Royce's Reinvention of Meister Eckhart

Royce's Reinvention of Meister Eckhart david k. glidden University of California, Riverside Having been set free from sin, You have become slaves of righteousness. —Rom. 6.18 Beginning with The Religious Aspect of Philosophy (1885), Josiah Royce’s views gradually evolved into a growing celebration of community affiliations. Philosophy of Loyalty (1908) eloquently articulated his distinctive social philosophy.1 Royce’s vision of ideal community life soon became beatified in The Problem of Christianity (1913) in the form of “the Beloved Community,” where Royce venerated the Pauline model of a gathered community consisting of those who share a common faith. Heartfelt community loyalty thereby acquired a spiritual dimension that transformed human nature. Against the background of this transfiguration, Royce downplayed the life of prayer and private devotion to Jesus as personal savior. Instead, Royce emphasized the Divine presence emanating from within the community of the faithful. This marked the spiritual apotheosis of Royce’s social philosophy. From this perspective, Royce belittled what he termed “quietism,” where the devout turn away from the centrality of community life, by surrendering their persons to God, abandoning their individuality as well. “Quietism” came into popular parlance only toward the end of the seventeenth century in response to the mysticism of the Spanish http://www.deepdyve.com/assets/images/DeepDyve-Logo-lg.png The Pluralist University of Illinois Press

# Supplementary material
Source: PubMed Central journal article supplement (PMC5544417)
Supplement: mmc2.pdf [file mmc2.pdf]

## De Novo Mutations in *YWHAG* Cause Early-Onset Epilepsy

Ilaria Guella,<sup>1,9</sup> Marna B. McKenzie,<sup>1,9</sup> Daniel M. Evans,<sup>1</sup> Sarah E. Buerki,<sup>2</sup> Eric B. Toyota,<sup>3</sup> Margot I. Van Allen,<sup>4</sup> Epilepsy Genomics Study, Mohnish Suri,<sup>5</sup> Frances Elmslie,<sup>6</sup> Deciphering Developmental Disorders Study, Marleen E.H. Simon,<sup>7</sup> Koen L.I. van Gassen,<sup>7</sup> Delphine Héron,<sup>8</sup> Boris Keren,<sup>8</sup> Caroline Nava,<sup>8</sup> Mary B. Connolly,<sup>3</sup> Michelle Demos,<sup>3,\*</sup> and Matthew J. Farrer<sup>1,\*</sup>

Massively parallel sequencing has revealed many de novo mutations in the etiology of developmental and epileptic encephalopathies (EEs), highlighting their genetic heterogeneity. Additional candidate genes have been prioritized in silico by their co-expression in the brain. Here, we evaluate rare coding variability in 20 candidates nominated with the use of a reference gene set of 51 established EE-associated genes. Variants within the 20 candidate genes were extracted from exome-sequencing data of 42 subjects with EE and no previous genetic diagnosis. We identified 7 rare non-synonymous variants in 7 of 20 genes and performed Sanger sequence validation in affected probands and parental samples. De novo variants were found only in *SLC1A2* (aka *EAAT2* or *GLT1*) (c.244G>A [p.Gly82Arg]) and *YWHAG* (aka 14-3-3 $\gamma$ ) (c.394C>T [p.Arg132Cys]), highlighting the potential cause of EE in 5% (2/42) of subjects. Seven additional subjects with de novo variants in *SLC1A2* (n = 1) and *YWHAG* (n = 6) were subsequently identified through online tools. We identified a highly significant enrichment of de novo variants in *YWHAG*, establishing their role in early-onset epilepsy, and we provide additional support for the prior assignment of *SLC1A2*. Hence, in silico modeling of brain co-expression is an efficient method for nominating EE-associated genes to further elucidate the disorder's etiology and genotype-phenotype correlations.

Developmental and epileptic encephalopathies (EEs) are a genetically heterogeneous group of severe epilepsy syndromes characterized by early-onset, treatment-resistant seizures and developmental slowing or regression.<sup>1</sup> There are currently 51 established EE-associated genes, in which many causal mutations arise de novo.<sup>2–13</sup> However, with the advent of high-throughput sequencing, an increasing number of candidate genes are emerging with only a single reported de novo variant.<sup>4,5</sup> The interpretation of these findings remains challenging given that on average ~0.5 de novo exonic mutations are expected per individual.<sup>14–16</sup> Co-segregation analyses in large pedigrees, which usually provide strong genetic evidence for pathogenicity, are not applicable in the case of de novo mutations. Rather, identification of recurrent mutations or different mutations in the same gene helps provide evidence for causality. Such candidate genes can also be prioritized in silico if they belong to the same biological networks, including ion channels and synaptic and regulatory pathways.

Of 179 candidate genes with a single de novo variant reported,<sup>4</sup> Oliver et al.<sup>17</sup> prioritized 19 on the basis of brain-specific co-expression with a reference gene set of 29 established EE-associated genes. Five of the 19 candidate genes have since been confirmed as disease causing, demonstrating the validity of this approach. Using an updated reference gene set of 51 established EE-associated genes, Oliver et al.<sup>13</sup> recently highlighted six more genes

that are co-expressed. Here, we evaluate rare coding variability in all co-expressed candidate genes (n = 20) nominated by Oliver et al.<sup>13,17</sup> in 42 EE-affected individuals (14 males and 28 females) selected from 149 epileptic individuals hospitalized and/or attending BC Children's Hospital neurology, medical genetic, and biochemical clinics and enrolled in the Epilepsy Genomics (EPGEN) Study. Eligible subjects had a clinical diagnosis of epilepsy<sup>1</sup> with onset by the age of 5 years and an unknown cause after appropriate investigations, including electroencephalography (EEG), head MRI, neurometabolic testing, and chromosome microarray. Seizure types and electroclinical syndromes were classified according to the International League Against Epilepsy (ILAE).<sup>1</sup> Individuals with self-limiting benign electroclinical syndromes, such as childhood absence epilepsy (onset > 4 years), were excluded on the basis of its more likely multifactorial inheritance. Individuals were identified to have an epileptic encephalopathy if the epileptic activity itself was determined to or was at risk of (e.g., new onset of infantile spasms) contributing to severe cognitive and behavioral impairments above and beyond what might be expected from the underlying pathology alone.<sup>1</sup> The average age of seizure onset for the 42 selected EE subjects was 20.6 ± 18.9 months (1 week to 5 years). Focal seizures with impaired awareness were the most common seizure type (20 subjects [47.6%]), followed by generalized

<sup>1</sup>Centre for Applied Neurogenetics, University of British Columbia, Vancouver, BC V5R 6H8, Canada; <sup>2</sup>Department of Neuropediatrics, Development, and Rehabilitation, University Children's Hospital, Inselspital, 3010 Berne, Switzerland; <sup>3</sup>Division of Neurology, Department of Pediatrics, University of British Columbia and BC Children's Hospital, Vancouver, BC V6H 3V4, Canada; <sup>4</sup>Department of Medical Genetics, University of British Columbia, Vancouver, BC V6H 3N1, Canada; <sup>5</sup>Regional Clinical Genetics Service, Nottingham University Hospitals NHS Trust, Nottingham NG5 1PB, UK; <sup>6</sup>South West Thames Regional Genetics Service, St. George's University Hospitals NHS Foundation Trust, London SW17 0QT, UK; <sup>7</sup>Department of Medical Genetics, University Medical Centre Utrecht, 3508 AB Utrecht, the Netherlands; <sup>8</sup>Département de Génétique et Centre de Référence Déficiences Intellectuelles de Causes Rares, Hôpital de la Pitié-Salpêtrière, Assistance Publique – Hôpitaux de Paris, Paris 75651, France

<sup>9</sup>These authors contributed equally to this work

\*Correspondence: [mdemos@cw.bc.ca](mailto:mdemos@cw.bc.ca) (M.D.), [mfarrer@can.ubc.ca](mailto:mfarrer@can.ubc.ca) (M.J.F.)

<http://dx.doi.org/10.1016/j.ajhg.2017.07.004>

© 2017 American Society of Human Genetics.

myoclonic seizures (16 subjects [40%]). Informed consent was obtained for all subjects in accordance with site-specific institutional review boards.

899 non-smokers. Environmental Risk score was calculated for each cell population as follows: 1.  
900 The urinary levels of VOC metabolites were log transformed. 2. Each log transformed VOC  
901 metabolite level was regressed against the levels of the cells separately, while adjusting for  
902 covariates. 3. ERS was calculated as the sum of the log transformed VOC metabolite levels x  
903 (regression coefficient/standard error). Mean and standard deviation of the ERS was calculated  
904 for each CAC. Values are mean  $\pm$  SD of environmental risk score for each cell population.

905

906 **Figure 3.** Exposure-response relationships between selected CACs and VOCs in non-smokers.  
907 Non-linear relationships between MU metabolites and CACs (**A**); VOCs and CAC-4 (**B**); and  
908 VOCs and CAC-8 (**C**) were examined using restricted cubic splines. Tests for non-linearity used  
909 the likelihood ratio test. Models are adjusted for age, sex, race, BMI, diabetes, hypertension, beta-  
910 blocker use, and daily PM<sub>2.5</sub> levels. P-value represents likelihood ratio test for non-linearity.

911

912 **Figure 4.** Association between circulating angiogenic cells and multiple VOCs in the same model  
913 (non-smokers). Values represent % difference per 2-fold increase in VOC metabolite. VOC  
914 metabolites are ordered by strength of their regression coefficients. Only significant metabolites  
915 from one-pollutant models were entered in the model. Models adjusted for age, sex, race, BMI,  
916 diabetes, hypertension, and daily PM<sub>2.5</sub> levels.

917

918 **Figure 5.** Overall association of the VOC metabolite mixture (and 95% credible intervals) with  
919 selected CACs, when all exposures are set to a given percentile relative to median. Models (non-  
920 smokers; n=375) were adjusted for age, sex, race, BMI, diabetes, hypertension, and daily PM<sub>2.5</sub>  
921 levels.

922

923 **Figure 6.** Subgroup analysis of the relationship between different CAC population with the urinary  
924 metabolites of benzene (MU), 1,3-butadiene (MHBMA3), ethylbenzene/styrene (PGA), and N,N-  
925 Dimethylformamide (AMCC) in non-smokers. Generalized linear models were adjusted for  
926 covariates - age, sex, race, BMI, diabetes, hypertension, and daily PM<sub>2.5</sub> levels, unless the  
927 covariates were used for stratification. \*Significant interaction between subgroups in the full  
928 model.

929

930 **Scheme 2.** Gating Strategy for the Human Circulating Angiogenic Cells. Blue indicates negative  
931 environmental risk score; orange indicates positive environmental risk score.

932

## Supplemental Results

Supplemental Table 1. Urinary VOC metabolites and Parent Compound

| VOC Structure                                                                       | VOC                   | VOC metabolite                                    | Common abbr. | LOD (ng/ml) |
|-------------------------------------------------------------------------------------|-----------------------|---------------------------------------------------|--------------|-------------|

Royce's Reinvention of Meister Eckhart

The Pluralist, Volume 12 – Jul 20, 2017

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Publisher
University of Illinois Press
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Copyright © University of Illinois Press
ISSN
1944-6489
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Abstract

david k. glidden University of California, Riverside Having been set free from sin, You have become slaves of righteousness. —Rom. 6.18 Beginning with The Religious Aspect of Philosophy (1885), Josiah Royce’s views gradually evolved into a growing celebration of community affiliations. Philosophy of Loyalty (1908) eloquently articulated his distinctive social philosophy.1 Royce’s vision of ideal community life soon became beatified in The Problem of Christianity (1913) in the form of “the Beloved Community,” where Royce venerated the Pauline model of a gathered community consisting of those who share a common faith. Heartfelt community loyalty thereby acquired a spiritual dimension that transformed human nature. Against the background of this transfiguration, Royce downplayed the life of prayer and private devotion to Jesus as personal savior. Instead, Royce emphasized the Divine presence emanating from within the community of the faithful. This marked the spiritual apotheosis of Royce’s social philosophy. From this perspective, Royce belittled what he termed “quietism,” where the devout turn away from the centrality of community life, by surrendering their persons to God, abandoning their individuality as well. “Quietism” came into popular parlance only toward the end of the seventeenth century in response to the mysticism of the Spanish

Journal

The PluralistUniversity of Illinois Press

Published: Jul 20, 2017

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